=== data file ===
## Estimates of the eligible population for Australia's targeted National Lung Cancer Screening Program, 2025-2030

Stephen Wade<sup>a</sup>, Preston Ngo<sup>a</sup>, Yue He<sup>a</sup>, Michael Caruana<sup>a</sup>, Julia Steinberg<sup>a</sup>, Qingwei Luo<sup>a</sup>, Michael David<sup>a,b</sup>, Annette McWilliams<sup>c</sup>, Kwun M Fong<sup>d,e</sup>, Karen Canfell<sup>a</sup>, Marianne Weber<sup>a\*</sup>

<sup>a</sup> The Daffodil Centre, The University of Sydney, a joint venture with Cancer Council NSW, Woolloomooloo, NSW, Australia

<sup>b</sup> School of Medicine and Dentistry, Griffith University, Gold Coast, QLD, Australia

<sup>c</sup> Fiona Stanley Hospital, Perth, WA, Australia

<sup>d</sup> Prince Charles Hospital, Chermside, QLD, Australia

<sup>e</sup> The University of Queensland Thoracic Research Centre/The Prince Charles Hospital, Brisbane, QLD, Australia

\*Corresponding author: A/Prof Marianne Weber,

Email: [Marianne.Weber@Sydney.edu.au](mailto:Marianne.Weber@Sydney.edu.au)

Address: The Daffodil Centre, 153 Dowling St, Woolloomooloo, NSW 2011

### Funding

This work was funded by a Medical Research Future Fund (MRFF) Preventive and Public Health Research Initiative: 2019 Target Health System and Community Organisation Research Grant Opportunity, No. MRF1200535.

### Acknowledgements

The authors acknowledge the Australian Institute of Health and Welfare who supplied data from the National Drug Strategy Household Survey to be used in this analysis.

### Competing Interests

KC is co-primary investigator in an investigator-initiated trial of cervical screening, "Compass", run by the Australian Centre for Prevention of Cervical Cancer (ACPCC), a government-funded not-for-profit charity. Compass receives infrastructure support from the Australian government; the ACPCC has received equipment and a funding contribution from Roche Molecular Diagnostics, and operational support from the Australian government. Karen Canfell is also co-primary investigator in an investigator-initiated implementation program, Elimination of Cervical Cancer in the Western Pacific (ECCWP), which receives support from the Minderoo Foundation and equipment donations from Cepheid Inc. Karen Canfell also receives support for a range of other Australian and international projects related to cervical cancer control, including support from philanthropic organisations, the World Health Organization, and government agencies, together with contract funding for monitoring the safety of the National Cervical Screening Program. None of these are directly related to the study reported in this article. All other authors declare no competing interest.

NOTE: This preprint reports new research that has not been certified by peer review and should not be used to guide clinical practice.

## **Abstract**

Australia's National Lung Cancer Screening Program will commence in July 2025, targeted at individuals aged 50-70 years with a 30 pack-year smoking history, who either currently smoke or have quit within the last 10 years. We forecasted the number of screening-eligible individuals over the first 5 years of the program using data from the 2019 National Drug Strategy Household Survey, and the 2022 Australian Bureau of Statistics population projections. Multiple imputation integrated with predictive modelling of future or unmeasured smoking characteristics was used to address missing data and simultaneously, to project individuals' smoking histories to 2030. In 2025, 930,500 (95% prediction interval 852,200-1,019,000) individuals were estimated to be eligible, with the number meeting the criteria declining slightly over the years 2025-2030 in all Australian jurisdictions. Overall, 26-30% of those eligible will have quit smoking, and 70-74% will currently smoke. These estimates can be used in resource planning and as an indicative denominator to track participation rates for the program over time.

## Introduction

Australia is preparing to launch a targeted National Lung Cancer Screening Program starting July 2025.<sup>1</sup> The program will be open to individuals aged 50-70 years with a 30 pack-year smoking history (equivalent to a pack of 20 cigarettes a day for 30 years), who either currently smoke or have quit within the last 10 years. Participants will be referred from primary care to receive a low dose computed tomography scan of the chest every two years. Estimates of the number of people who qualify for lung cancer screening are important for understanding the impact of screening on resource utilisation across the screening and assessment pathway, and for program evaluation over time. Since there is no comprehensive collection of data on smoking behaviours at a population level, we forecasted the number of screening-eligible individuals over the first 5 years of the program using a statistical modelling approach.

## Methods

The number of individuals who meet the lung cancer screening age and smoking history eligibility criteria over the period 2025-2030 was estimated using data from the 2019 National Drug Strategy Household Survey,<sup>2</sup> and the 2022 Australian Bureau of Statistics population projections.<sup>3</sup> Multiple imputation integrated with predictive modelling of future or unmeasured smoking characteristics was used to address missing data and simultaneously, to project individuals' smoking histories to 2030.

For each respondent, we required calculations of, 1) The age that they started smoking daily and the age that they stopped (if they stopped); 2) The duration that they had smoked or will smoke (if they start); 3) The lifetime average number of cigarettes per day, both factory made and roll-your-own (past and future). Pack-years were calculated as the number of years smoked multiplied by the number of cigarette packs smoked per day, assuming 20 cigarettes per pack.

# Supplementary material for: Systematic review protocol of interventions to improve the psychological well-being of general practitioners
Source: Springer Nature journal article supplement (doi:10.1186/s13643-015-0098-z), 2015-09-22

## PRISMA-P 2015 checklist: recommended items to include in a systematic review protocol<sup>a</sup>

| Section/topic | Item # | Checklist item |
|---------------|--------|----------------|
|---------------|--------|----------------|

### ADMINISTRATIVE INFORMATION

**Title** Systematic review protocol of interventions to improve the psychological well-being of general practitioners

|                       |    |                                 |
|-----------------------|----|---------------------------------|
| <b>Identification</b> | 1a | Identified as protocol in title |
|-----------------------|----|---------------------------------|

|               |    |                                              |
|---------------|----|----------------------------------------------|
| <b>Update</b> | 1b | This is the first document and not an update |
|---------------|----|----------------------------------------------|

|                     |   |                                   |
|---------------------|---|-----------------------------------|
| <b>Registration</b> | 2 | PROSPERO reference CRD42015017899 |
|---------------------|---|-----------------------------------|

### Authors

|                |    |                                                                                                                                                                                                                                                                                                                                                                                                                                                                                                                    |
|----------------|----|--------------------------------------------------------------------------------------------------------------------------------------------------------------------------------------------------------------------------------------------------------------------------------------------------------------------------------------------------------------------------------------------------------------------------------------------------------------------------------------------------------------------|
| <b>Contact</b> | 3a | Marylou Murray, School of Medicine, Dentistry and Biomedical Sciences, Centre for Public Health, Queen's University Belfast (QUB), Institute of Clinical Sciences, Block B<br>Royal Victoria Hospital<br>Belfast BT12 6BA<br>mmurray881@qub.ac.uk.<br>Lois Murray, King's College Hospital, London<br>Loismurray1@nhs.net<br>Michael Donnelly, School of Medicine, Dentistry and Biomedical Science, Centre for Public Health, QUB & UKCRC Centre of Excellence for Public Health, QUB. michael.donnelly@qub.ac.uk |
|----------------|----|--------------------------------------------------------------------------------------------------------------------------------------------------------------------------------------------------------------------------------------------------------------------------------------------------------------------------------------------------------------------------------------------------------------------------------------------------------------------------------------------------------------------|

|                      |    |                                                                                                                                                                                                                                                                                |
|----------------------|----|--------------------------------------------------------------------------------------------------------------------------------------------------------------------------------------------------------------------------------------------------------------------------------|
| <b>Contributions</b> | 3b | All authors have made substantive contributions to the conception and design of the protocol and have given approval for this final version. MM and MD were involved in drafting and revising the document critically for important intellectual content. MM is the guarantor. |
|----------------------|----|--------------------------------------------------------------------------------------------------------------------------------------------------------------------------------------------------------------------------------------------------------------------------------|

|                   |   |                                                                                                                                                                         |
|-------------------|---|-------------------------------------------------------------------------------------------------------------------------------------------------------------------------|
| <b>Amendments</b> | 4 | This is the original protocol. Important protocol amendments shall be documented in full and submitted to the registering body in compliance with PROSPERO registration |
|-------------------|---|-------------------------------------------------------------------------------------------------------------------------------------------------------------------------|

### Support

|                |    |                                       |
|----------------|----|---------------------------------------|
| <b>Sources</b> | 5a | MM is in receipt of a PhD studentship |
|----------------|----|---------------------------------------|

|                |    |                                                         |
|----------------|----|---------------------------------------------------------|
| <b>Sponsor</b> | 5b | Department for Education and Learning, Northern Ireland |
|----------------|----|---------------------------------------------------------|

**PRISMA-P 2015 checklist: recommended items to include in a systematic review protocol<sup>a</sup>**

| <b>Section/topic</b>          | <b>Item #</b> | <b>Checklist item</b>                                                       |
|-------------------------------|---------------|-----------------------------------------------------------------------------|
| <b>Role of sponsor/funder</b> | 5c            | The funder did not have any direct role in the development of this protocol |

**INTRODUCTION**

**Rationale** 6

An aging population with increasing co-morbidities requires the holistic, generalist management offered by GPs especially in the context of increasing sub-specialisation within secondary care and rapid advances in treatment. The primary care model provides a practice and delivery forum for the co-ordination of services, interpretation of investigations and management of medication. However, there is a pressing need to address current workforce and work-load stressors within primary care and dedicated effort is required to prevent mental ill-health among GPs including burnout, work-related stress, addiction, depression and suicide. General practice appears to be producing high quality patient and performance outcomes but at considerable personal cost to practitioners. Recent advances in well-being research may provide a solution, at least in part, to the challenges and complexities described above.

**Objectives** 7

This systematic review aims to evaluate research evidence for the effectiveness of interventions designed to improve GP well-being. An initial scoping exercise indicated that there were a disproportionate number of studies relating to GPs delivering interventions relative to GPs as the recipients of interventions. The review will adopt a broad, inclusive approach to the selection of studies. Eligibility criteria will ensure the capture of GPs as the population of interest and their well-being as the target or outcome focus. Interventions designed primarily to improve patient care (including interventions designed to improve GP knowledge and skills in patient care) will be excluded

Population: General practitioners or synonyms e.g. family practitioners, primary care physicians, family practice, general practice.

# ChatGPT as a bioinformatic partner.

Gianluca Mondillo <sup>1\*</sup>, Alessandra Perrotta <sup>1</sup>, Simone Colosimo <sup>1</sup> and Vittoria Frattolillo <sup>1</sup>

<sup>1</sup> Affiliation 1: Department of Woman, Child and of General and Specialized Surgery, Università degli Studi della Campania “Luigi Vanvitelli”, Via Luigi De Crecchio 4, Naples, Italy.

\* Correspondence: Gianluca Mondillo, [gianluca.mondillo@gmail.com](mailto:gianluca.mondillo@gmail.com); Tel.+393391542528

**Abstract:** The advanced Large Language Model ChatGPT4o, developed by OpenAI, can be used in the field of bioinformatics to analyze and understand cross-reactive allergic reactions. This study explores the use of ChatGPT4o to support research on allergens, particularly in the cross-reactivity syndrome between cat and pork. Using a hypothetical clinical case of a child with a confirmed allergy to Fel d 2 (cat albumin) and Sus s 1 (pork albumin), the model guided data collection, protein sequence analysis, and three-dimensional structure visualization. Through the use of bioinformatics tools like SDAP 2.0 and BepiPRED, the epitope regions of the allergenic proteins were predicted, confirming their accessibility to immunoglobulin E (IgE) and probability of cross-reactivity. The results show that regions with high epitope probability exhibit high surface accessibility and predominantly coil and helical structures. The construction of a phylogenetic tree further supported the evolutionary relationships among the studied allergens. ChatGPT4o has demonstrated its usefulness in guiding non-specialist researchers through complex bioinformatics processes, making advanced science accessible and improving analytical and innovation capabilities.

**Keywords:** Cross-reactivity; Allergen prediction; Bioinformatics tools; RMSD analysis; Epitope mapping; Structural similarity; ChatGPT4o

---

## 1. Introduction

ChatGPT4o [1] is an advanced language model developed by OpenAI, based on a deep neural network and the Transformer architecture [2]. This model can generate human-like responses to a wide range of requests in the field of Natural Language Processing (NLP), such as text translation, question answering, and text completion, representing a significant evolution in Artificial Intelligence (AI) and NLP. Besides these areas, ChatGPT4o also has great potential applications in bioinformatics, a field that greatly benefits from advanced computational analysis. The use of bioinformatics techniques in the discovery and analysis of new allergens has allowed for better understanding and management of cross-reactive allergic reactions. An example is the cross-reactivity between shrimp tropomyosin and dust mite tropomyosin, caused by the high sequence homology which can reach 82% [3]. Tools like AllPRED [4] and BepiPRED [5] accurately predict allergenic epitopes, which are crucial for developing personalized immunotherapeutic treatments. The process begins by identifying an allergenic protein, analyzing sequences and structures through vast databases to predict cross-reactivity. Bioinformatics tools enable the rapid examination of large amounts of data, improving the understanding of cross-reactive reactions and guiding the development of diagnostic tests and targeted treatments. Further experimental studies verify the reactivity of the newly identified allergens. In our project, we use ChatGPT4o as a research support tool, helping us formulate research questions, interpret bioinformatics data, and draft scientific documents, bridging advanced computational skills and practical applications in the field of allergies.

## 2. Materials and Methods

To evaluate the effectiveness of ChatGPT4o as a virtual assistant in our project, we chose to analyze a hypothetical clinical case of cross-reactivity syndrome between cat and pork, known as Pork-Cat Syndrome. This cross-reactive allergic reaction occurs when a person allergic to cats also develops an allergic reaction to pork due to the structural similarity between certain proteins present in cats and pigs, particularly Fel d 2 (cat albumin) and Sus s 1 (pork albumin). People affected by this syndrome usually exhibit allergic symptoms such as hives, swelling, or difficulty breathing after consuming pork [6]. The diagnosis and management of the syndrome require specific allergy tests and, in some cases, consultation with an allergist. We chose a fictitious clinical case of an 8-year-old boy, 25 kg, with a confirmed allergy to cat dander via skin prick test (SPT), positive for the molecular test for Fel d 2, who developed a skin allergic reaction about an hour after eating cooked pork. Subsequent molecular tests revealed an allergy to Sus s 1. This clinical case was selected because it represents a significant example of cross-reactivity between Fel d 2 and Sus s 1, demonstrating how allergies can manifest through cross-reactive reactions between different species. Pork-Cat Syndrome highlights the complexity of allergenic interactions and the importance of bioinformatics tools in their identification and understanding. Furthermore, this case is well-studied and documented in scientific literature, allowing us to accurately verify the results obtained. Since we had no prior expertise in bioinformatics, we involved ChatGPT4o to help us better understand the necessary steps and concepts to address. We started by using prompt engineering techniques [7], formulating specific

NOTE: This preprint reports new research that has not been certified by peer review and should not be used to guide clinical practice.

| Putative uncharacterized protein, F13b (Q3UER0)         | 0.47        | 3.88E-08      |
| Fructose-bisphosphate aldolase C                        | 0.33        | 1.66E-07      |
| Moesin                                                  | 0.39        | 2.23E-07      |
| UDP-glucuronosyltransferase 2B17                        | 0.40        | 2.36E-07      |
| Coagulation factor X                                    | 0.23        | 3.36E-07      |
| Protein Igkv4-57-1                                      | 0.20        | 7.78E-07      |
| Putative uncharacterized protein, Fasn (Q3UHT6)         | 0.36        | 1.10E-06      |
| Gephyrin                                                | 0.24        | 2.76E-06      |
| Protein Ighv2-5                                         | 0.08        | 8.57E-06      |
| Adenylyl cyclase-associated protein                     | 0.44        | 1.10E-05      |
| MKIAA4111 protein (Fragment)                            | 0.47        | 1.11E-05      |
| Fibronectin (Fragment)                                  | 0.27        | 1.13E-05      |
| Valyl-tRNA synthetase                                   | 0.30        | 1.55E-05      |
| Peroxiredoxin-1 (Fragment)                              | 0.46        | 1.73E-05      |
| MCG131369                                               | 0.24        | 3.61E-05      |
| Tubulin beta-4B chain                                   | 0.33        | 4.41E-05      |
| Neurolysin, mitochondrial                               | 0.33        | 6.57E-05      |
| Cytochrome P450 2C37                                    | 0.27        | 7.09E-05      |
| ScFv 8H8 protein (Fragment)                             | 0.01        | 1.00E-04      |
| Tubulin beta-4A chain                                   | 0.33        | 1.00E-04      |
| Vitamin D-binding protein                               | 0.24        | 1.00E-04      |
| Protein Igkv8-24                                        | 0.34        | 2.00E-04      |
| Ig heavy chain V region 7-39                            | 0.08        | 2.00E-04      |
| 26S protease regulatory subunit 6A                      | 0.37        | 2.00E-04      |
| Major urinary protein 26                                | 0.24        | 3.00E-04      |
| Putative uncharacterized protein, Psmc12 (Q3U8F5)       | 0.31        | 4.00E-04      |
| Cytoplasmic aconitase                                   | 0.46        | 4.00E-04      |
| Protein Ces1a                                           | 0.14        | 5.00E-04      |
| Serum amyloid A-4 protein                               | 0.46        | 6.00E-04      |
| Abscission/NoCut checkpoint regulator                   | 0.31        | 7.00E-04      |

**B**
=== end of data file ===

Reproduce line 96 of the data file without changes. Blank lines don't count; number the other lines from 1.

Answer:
| Gephyrin                                                | 0.24        | 2.76E-06      |